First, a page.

No. 5: Fatal fires lead to lawsuits, spotlight on rental fire safety
By ANGIE HAFLICH
By ANGIE HAFLICH
Two separate house fires early this year resulted in the filing of wrongful death lawsuits and shed light on landlords' responsibilities in regard to providing and maintaining working smoke detectors for tenants.
The first fire occurred at 4220 E. Nancy Ave., Lot 1108, Garden City, on Jan. 8, and claimed the lives of Nichole Savoy, 26, and her two daughters, 6-year-old Bryn Abigail Savoy and 22-month-old Madelyn Rae Savoy.
After being investigated by the Kansas state fire marshal, the fire was determined to be an accident. The fire started in the east bedroom of the home being rented by Savoy from Steve Burgess, Garden Spot Rentals owner. Savoy had been renting the property for about 10 months, according to Burgess.
At that time, Garden City Fire Chief Allen Shelton confirmed the home was not equipped with smoke detectors. Under the Smoke Detector Act, which was passed in 1998, all property owners must equip homes with smoke detectors on each floor.
At that time, Burgess said he wasn't aware of the law. He has since installed smoke detectors in the 300 rental properties that he owns in and around Garden City.
A wrongful death lawsuit was filed Sept. 13 on behalf of Mike Savoy, Nichole's husband and the two girls' father.
The lawsuit names as defendants Burgess and his wife Ann, Garden City, who owned the home, and their property management company Garden Spot Rental Enterprises, LLC. It claims that the Burgesses failed to provide a safe rental house by not providing a smoke detector in the home, as required by law.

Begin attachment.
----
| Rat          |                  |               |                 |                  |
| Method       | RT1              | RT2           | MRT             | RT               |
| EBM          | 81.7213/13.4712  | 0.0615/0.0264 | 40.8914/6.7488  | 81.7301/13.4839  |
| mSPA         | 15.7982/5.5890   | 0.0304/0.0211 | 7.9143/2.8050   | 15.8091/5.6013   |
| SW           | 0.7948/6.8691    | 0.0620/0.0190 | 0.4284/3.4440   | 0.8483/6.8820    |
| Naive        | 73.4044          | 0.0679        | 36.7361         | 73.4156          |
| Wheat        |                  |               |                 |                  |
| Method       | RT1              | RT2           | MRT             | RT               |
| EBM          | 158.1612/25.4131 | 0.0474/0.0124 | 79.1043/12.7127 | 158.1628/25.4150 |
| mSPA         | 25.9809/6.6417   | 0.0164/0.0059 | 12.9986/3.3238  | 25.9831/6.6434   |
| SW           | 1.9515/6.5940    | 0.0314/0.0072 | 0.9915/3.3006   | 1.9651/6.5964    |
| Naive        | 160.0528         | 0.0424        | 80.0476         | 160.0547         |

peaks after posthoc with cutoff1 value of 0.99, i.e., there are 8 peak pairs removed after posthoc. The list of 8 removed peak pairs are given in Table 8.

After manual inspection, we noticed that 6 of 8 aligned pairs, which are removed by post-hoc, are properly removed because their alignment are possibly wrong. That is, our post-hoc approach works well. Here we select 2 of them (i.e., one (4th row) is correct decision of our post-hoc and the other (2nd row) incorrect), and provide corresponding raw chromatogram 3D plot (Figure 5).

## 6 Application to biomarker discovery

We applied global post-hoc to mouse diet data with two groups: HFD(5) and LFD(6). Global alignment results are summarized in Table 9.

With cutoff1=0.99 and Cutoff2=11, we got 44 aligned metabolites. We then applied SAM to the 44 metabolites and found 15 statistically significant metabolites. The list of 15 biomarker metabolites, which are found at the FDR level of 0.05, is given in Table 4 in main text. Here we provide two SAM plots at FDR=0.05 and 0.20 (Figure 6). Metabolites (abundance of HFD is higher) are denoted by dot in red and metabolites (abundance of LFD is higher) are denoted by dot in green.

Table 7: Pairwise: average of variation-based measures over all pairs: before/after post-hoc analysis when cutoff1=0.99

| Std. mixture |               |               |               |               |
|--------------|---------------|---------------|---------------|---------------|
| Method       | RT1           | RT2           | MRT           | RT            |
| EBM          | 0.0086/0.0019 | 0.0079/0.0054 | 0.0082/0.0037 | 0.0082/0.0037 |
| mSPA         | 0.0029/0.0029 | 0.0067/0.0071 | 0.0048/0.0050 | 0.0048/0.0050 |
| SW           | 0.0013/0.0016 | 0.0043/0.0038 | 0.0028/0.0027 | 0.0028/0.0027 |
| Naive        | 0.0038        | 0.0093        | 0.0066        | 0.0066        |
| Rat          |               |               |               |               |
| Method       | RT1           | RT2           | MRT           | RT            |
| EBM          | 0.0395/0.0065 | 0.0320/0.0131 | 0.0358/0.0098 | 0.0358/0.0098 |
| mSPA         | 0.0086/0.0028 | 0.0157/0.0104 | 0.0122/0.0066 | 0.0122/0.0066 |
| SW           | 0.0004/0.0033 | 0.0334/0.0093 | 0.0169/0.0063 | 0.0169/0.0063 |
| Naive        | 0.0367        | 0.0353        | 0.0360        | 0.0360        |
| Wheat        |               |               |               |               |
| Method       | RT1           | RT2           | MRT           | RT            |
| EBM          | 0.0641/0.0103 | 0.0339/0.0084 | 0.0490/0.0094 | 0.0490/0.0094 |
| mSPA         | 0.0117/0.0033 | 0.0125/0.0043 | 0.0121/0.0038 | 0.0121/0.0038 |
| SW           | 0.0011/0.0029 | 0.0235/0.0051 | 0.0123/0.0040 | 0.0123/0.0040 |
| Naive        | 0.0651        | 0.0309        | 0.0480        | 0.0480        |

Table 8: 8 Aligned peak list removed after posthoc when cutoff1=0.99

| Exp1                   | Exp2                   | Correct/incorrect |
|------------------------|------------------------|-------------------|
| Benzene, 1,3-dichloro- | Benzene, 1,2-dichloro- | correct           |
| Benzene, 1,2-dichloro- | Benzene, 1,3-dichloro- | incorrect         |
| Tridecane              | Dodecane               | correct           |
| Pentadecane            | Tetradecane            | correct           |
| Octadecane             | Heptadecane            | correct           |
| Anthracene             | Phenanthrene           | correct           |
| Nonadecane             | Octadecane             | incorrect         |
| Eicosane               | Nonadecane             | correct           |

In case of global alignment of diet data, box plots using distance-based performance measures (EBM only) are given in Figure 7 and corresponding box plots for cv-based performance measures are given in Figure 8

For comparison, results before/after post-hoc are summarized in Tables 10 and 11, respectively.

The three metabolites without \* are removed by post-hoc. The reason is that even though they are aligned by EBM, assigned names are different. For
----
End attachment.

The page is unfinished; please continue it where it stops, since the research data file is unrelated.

The lawsuit calls for a trial by jury and seeks in excess of $75,000 in damages for Mike Savoy. It was filed by Dodge City Attorney Dave Rebein in the Finney County District Court.
"I think the issue is worth pursuing across the state because it tends to be the elderly, the poor, the young — the most vulnerable members of our society that live in rental properties — and so we need to make sure that they're reasonably safe," Rebein said in September. "And this is an inexpensive item that could be easily supplied and should have been in this case."
The second fire occurred on March 10 at 1105 Church St. in Scott City and claimed the lives of Jackie Coberly, 28, her 4-year-old son Brandon Carter, and two girls, 8-year-old Terra Murphy and 6-year-old Cassie Murphy.
Ken Hoover, fire chief of Scott City, said at that time that the community hadn't seen a fatal fire within its city limits since the 1970s.
"It was just accidental," Hoover said. "It's unusual because four people died in it. ... You always hope there's no one in there."
After being investigated by the State Fire Marshal, the fire was determined to be an accident and reportedly started near a radiator heater in the laundry room of the house.
Two separate wrongful death lawsuits were filed against a Wichita-based home health agency and the owners of the rental home on Aug. 1.
The lawsuits name Wichita-based Windsor Place At-Home, which was contracted to provide in-home care for Coberly, who was a quadriplegic. The suits also names James and Linda Noll of Scott City, who owned the home that was being rented by Coberly.
The suits were filed by Attorney Stephen Torline in the Sedgwick County District Court. One was filed on behalf of Jeff Murphy and his ex-wife, Brenda Murphy, the parents of the two girls killed in the fire. The other was filed against Windsor Place and the Nolls in the deaths of Coberly and her son.
" ... One of the things we're trying to accomplish is to create some groundswell, if you will, to get that law in the books, make it mean something, so that when a landlord takes the rent from a young family like this, that before he rents the property, he thinks twice and makes sure that there is a functioning smoke detector in the house," Torline said in August.
There are currently no updates regarding the status of the lawsuits regarding either incident.